13. Talks and other contacts would be necessary between the Palestinians and the Israelis to coordinate many aspects of daily life, and it was worth noting that both sides would benefit from successful negotiations. President Abbas would be holding talks with the Arab leadership to present the Israeli reply to his letter to Mr. Netanyahu. Talks on the world economic situation were being followed owing to the effect on Palestine’s economy of the international crisis and the siege on Gaza and Jerusalem. Palestinian reconciliation was continuing and, through talks and negotiations, there would be a unified Palestinian Government representing both the West Bank and Gaza. Regarding reconciliation, at a time when the democratization of the Arab world was in the headlines, the international community must help Palestine to conduct elections.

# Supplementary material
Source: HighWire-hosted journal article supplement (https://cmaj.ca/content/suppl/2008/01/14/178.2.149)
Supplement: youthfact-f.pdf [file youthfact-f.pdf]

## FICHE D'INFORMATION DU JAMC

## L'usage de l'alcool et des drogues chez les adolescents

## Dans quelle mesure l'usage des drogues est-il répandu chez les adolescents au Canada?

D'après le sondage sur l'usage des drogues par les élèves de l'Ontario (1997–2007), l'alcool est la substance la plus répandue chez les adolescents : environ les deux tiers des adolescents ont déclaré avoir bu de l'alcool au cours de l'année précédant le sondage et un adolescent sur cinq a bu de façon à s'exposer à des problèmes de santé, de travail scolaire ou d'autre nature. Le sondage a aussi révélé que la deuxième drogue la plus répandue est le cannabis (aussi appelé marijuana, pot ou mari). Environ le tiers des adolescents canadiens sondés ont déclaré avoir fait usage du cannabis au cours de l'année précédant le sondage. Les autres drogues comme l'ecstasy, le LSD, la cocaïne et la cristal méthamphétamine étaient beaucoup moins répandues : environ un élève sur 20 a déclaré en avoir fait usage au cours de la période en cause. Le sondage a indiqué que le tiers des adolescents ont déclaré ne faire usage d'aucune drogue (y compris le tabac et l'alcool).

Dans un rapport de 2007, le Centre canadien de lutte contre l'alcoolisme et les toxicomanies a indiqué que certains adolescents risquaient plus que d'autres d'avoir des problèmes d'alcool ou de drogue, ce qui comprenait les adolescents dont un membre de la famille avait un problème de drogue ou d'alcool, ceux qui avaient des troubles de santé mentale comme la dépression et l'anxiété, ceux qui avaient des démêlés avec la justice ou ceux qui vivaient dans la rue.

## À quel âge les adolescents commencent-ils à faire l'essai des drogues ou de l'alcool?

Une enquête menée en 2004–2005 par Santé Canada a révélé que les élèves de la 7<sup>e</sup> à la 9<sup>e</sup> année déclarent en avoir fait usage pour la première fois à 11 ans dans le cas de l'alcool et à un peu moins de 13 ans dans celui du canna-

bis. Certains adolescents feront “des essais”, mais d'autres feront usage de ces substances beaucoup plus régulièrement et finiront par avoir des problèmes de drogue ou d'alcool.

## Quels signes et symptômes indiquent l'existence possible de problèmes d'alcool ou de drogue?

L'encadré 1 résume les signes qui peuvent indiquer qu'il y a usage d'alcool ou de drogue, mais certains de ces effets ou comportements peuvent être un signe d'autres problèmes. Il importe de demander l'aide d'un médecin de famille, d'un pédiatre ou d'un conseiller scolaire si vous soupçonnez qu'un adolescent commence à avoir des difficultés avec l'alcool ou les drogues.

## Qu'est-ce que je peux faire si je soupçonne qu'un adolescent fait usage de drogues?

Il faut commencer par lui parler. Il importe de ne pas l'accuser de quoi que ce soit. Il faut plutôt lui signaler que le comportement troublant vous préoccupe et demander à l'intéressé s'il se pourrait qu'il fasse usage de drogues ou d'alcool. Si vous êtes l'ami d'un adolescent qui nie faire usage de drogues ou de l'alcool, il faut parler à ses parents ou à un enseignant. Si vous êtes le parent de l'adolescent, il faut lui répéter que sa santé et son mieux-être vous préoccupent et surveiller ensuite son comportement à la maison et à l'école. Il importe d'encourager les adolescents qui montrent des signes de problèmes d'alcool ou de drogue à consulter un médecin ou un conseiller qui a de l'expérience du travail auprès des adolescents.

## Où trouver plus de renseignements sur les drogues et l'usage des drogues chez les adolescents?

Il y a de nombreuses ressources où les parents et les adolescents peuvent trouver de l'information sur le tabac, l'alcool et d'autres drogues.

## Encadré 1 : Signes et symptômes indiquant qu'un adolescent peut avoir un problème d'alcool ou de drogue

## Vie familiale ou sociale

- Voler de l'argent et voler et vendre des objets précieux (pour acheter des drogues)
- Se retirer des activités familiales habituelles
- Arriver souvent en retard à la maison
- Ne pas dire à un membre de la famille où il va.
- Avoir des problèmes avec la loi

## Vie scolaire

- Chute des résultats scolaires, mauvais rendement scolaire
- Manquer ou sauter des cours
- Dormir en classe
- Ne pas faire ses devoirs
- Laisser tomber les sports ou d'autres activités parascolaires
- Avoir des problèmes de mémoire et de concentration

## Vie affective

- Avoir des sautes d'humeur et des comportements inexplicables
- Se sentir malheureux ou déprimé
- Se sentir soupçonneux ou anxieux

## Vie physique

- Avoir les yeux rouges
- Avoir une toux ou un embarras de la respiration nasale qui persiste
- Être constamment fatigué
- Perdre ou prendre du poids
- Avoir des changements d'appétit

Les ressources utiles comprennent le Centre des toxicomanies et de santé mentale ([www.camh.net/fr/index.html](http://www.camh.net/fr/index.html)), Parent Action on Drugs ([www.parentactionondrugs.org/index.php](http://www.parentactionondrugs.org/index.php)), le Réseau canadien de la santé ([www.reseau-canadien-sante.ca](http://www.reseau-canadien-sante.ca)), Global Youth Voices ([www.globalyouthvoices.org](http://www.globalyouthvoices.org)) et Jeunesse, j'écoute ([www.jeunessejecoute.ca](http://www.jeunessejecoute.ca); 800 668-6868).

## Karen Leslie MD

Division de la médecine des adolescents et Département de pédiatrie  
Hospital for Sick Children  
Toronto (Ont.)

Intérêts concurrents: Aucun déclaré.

14. Another area where the Committee’s attention was required was Jerusalem. The nature of the walled city, the former pillar of the Palestinian economy and religion and the centre also for Christianity and Judaism, was being altered, eroding accessibility for Palestinian Muslims and Christians. Only those holding permits from the Israeli governor could enter the city.
15. The Committee must also focus on what was known as Area C, which constituted 62 per cent of the total area of the West Bank. There, Israeli settlers outnumbered Palestinians three to one and control of water, land and natural resources was in Israeli hands. Despite foreign backing, Palestinian development projects in that area had been stalled.